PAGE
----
Imagine your estate plan is created and ready to go. You are protecting your home,…
Unfortunately, seniors are prime targets for financial abuse and scams. Sadly, the elderly are often taken advantage of by strangers — and sometimes even their own family members. That’s why it’s crucial that planning is in place to help seniors protect themselves and their assets.
As we age, it can become increasingly challenging to manage our assets. Most of us will, at some point, need to help ensure that our financial assets and other valuables aren’t depleted. If you or an aging loved one are looking for ways to safeguard assets, a living trust is often the best way. Living trusts allow seniors to designate the right person to manage their finances and assets.
What is a Living Trust?
Living trusts help protect and manage the assets of those who can’t due to age, illness, or disability. Many seniors assume that a will is the only protection they need. However, revocable living trusts and irrevocable living trusts are designed to safeguard the assets of the living, while wills only outline what happens when they pass away. Furthermore, wills must go before a probate court, and taxes must be paid on inheritances. Living trusts allow beneficiaries to avoid probate and minimize taxes after their loved one’s passing.
To establish a living trust, the owner or grantor places assets within the trust. The grantor then appoints a trustee to manage it and names beneficiaries to receive the assets when the time comes.
There are different types of living trusts with a variety of benefits:
A testamentary trust protects a senior’s assets when a spouse dies. Assets of the deceased are transferred into a trust — enabling the appointed trustee to make all financial decisions regarding those assets. The surviving spouse is protected from fraud or mismanaged assets. Trustees can help the surviving senior generate income from remaining assets via sales or investments and take advantage of tax benefits.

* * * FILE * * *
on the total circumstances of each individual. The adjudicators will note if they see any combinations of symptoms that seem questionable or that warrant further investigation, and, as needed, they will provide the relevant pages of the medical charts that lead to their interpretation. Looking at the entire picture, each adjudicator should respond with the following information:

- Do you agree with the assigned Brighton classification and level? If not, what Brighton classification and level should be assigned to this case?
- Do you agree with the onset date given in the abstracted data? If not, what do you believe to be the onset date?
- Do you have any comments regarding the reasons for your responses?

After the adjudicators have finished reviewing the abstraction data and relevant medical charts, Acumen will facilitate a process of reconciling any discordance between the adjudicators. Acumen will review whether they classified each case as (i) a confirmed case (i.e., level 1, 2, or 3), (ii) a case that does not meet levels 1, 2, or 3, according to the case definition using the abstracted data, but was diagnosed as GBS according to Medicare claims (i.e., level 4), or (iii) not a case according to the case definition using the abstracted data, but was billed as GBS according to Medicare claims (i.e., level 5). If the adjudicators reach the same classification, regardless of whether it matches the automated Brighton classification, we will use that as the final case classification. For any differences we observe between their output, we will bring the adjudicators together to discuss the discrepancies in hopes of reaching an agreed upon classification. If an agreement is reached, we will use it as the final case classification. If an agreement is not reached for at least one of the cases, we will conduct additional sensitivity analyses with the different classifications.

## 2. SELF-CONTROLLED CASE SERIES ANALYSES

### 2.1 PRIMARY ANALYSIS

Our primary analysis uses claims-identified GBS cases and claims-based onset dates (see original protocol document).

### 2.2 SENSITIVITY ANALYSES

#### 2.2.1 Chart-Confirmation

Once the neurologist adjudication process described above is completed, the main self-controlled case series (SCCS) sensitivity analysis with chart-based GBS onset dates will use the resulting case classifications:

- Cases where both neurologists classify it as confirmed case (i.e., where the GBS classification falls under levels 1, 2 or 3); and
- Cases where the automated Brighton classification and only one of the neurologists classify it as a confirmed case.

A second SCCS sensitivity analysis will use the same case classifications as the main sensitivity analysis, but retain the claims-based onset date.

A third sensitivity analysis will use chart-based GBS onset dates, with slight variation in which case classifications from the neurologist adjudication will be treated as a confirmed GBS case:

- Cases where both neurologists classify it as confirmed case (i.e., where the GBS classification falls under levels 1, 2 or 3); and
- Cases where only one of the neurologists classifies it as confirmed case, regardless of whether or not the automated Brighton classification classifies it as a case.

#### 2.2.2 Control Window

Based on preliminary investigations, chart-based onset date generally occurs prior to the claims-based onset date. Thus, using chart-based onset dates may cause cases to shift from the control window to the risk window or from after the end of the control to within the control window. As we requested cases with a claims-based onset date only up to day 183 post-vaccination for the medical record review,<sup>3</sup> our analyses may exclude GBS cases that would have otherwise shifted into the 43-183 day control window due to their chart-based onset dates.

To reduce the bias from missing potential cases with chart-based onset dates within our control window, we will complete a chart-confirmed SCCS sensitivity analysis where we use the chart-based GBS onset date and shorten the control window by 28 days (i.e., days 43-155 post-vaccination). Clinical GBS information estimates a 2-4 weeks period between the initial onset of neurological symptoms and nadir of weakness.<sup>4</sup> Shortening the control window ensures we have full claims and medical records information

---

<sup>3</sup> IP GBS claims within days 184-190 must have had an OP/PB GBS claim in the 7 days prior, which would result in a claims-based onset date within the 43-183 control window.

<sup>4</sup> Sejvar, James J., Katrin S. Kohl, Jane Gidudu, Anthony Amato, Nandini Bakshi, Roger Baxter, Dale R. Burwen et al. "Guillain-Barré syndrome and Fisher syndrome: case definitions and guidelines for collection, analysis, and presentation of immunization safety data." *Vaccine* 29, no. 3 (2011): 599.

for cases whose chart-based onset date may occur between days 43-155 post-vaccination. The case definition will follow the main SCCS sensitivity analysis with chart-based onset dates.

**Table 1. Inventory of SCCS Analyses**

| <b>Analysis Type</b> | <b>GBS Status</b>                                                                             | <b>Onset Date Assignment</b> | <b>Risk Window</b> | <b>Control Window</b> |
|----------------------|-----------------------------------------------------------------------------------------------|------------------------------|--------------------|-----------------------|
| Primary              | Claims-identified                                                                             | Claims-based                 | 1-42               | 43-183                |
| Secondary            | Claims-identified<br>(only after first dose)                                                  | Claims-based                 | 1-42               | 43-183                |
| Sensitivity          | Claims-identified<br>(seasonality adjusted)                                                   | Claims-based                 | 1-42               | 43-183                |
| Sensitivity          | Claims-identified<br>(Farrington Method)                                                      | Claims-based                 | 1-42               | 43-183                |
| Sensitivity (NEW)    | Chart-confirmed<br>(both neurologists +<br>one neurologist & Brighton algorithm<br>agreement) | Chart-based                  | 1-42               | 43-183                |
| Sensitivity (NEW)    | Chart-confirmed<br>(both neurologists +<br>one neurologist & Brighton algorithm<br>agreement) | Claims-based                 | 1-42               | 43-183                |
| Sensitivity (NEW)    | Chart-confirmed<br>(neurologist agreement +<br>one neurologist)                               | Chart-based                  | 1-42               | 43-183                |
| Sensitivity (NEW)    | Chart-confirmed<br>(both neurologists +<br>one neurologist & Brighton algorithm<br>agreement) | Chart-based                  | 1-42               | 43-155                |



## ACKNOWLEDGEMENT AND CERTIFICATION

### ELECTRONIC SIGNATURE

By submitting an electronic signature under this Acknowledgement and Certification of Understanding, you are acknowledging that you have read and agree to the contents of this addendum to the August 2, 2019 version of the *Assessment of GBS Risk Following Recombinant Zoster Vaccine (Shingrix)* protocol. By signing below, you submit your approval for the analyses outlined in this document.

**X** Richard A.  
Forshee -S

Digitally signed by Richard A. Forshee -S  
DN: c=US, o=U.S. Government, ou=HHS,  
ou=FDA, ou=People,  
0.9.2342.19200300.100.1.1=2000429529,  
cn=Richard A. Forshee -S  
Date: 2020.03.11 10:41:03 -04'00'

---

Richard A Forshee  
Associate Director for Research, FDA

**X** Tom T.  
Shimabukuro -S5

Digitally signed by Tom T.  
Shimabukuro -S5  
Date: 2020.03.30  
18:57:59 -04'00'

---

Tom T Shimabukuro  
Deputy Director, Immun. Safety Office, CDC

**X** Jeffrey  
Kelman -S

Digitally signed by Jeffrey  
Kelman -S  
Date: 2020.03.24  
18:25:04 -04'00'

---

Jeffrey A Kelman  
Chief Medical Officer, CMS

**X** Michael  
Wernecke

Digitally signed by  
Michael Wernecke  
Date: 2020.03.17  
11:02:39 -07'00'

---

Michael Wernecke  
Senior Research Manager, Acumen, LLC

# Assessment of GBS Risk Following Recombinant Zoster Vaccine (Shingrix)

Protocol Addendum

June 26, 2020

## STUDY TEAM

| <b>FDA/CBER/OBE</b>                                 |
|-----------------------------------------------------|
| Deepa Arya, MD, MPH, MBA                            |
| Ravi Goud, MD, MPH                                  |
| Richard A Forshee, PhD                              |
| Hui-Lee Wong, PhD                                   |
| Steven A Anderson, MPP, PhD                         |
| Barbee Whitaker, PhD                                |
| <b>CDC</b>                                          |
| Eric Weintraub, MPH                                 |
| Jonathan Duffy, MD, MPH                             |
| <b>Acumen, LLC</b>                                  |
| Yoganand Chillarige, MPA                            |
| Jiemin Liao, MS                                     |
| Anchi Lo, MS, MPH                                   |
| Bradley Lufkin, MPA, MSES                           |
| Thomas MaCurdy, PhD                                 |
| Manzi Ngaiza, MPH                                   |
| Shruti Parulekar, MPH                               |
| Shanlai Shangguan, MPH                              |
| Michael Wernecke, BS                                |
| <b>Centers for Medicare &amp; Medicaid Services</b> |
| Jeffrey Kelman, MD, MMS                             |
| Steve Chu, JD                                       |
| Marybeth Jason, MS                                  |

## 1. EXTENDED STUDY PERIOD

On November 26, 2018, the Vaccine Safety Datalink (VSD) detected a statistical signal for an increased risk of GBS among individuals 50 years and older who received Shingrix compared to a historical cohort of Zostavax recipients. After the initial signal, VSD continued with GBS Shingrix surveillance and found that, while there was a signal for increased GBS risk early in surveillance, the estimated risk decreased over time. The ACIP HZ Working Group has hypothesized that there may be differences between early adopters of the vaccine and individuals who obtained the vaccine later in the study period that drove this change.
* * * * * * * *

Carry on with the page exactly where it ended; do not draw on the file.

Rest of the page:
Revocable Living Trusts
A revocable living trust safeguards seniors by making it more difficult for non-trustee family members to mismanage money or assets. The grantor (senior) can amend or revoke the trust at their own discretion without the beneficiary’s consent. This type of trust allows the grantor to stay in control of assets by either serving as a trustee or appointing one. In this case, the grantor, serving as trustee and beneficiary of the trust, appoints a successor if they become incapacitated or die. This designated person is then responsible for the disposal of the trust’s assets.
Irrevocable Living Trusts
An irrevocable living trust can’t be changed or revoked by the trustmaker. This means that the grantor/trustmaker gives up their rights to the assets once they are transferred. Seniors over 65 who are eligible for Medicaid often choose to transfer assets into an irrevocable living trust to avoid having to dispose of assets in order to remain eligible for Medicaid coverage or long-term care benefits. Once assets are in an irrevocable trust, they can’t be counted for Medicaid eligibility purposes, but there could be a penalty for transferring assets incorrectly.
Working with an Elder Law Attorney
An elder law attorney can assist in determining the best way to set up this type of trust and properly transfer assets based on Medicaid stipulations. An irrevocable living trust can provide income for seniors and their spouses. It also protects their property and other assets from being seized to pay for medical costs without impacting Medicaid eligibility. This trust can also remain in place for a surviving spouse after the grantor’s death.
The sooner assets are placed in an irrevocable living trust the better, as penalties are assessed by Medicaid during a standard five-year look-back period in most states. It takes time to prepare, but it is well worth it when the need for long-term care arises. A transition to in-home or nursing home care with the comfort and quality you prefer can be relatively quick and easy.
Ultimately, living trusts give seniors more control over their assets than a will, allowing them to set stipulations and appoint a trusted advisor to help them make critical decisions. If you or your loved one would like more information about setting up a living trust, the lawyers at Russo Law Group, P.C can help. Please contact us or call 1(800) 680-1717 to speak with qualified elder law and estate planning attorneys in New York about tailoring a living trust to your unique needs. And be sure to take advantage of our free seminars and webinars to learn more about how we help you plan for the future and achieve peace of mind.